With the VESC Tool you can control things you would have never thought to adjust on a Onewheel. The Onewheel app allows you to now do custom shaping, but it still doesn’t compete with the functionality of the VESC tool where you can dial in all sorts of crazy functions.
The tire tread on the Floatwheel has a similar tread to the famous Float Life Enduro Tire, and is made from a nice grippy compound. With the ADV Pro, there is a small front-mounted battery that gives the board a nice balance. I can also adjust the motor height with the rails provided. The best part is Floatwheel is cheaper than the Onewheel GT or GTS, and they allow the right to repair.
I understand why Future Motion doesn’t allow the right to repair due to the liability of people getting injured if the repair work is not done correctly. (Some people beg to differ that it is more about the money aspect of charging for all repairs.) However, I do like that Floatwheel supports the customers and encourages consumers to buy parts if needed.
Things I hate most about the Floatwheel ADV Pro:
- Quality control on screw taps
- Assembly required
- Can only buy with Bitcoin
- Currently pending litigation
- App can be complicated for some to learn
- Can be dangerous if you accidentally put in the wrong settings
Some consumers are not going to take the risk of buying a Floatwheel with Bitcoin because they are not used to purchasing items with crypto currency. If you don’t already have Bitcoin, you will pay a fee to convert your money into Bitcoin. I see this as a huge turn off for a lot of consumers.
I wish that Floatwheel had a little bit better quality control upfront so they don’t have to send out replacement parts that cost the company thousands of dollars. My rails and motor screw holes were not aligned perfectly. I felt like I was going to cross thread the bolts and I would like them to catch that ahead of time. I was able to line them up without cross-threading them, but it should have been a lot more seamless.
The app is very confusing to learn all the functions at first. You will need to take notes and toggle with settings to dial in exactly how you want the Floatwheel to perform. It will take you a few weeks to get comfortable with the app and that could be a turn off compared to the simplicity of the Onewheel app.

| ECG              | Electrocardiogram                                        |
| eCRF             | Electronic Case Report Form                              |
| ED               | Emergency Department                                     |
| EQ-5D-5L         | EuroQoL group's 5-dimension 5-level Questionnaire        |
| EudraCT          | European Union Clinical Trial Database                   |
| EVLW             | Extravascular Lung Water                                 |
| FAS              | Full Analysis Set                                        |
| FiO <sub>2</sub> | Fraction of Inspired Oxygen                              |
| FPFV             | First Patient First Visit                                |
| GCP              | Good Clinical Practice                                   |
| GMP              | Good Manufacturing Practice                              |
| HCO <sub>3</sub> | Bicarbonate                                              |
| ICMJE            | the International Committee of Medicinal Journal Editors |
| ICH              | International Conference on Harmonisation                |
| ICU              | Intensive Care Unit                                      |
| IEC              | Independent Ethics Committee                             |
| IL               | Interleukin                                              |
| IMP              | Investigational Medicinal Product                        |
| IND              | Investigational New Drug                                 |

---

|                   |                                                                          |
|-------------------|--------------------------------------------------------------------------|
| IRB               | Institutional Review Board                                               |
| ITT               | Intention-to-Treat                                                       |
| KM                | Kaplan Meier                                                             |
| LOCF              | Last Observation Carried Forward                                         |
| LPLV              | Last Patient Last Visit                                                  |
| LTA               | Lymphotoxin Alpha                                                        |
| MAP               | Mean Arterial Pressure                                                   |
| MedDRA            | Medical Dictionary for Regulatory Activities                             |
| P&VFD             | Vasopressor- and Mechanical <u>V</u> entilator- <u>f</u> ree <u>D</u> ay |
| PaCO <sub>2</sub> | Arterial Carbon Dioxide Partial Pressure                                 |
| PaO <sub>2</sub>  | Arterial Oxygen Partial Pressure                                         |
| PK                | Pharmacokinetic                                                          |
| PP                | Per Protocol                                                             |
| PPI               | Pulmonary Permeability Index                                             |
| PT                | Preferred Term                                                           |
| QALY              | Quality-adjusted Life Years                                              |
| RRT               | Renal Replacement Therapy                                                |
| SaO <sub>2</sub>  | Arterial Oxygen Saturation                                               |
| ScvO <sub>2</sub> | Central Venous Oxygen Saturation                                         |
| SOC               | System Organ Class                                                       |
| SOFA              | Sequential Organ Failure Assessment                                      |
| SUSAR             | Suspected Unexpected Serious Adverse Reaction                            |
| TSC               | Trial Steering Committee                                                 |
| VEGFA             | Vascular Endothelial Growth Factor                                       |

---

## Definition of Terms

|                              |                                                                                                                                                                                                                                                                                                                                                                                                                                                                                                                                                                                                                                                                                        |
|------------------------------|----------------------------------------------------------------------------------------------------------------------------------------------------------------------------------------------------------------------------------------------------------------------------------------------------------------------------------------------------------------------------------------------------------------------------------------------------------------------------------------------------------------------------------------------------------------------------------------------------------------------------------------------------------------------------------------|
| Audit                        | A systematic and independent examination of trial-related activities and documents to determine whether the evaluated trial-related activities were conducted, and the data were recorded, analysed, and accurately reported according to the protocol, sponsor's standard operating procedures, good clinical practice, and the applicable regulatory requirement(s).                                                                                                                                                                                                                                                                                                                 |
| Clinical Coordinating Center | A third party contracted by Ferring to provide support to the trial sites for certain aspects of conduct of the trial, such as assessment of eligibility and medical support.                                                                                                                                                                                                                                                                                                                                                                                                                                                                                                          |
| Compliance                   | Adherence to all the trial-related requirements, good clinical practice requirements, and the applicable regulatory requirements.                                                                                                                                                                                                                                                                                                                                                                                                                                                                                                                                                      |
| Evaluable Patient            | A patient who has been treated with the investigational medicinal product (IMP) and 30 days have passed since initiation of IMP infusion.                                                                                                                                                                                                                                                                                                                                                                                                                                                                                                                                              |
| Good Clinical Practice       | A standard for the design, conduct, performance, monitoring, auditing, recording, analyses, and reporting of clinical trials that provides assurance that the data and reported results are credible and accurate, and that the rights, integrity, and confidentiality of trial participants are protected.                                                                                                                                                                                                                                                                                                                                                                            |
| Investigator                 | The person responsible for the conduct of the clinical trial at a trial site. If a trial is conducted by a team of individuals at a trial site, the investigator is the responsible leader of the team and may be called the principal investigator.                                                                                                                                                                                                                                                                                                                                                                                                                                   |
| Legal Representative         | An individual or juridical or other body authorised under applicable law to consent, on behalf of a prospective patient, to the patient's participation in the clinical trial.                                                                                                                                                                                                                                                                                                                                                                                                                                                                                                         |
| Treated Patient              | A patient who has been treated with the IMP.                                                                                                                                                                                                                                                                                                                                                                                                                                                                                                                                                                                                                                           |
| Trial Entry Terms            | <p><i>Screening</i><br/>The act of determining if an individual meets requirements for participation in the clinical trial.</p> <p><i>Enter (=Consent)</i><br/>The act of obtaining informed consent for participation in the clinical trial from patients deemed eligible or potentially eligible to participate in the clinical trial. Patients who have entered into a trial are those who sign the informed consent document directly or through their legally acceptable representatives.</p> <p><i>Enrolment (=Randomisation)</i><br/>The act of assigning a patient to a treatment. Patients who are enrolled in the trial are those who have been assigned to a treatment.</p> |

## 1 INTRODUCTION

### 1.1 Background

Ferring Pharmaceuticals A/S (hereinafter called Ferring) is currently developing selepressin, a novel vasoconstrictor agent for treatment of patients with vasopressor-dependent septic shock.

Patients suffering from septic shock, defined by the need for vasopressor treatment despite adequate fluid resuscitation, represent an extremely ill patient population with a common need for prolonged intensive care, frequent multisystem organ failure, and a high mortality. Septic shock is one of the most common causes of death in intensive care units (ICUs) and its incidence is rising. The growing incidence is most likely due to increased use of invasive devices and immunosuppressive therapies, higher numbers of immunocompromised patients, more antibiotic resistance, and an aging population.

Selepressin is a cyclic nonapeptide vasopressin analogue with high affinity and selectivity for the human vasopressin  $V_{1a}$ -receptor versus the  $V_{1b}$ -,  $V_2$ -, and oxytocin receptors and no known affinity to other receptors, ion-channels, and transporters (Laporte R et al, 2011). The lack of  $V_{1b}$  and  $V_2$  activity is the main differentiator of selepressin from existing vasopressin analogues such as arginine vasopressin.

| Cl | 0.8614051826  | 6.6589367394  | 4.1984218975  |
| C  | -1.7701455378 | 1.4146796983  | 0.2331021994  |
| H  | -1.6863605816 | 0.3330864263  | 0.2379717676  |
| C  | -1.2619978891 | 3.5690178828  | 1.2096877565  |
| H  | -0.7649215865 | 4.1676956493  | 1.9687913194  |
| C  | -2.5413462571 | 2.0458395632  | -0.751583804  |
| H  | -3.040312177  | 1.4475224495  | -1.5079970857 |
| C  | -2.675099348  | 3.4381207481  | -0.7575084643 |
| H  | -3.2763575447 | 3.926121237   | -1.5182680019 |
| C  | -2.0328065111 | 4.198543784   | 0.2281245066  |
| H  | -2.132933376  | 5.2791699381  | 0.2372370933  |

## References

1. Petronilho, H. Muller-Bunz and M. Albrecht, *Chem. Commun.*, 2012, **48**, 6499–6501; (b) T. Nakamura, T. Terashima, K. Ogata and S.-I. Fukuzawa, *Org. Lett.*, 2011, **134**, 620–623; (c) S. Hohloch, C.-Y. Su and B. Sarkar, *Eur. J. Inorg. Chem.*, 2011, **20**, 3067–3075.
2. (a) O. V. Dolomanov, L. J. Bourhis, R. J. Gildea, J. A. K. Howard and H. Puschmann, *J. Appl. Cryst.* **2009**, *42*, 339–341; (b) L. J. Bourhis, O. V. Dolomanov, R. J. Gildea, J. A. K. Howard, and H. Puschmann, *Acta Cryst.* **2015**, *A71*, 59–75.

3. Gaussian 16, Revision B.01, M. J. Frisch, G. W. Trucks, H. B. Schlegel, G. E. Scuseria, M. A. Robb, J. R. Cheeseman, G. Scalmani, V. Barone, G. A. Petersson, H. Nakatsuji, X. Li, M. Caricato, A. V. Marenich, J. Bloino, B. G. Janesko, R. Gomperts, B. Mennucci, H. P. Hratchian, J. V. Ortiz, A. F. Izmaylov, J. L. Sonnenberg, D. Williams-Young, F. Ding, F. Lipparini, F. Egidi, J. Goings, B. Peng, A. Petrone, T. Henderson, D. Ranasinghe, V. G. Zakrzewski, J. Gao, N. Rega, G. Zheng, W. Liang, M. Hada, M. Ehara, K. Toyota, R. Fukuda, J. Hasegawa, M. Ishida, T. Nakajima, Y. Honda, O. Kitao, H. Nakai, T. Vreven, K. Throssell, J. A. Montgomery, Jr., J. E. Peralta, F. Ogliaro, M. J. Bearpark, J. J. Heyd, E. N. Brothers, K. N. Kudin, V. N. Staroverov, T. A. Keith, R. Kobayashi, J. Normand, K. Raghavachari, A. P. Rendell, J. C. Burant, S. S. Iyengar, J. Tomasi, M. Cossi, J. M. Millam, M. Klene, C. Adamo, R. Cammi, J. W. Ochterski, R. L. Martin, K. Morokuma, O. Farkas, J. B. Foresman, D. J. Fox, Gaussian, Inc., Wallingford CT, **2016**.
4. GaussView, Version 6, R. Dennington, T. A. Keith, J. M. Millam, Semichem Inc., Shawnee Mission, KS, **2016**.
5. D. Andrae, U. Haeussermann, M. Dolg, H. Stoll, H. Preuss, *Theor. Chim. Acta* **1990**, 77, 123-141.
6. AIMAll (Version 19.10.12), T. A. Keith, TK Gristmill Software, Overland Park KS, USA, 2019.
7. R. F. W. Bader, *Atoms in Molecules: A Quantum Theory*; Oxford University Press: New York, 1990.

If you put in the wrong settings like the cutoff voltage or the calibrating settings, it could lead to a dangerous ride. You will always want to start slow after adjusting settings to ensure that the calibration is done correctly.
I commend Floatwheel for creating a product that rivals Future Motion’s Onewheel. The Floatwheel has a lot of positives compared to the Onewheel and I can see budget-friendly consumers leaning towards a Floatwheel. There is just one problem…Onewheel has currently sued Floatwheel on 4 patent infringements and currently the Floatwheel website is down.
There is no way to purchase the Floatwheel, and we are unsure of the current state of the pending litigation. I see the Floatwheel as being a great competitor to help Onewheel keep innovating. (If it survives the lawsuit)
However, I can’t help but feel that it is a little ironic that Onewheel is suing Floatwheel for stealing its design when the Onewheel GT and GTS are a creation of stolen ideas like the rail design and concaved footpad. I understand why Onewheel would be upset at Floatwheel because we don’t like our content being stolen and repurposed, but I also see that these lawsuits could potentially backfire on them by losing support from the community.
Onewheel Comparison Tool
Compare the Floatwheel with all the other Onewheels using our comparison tool here.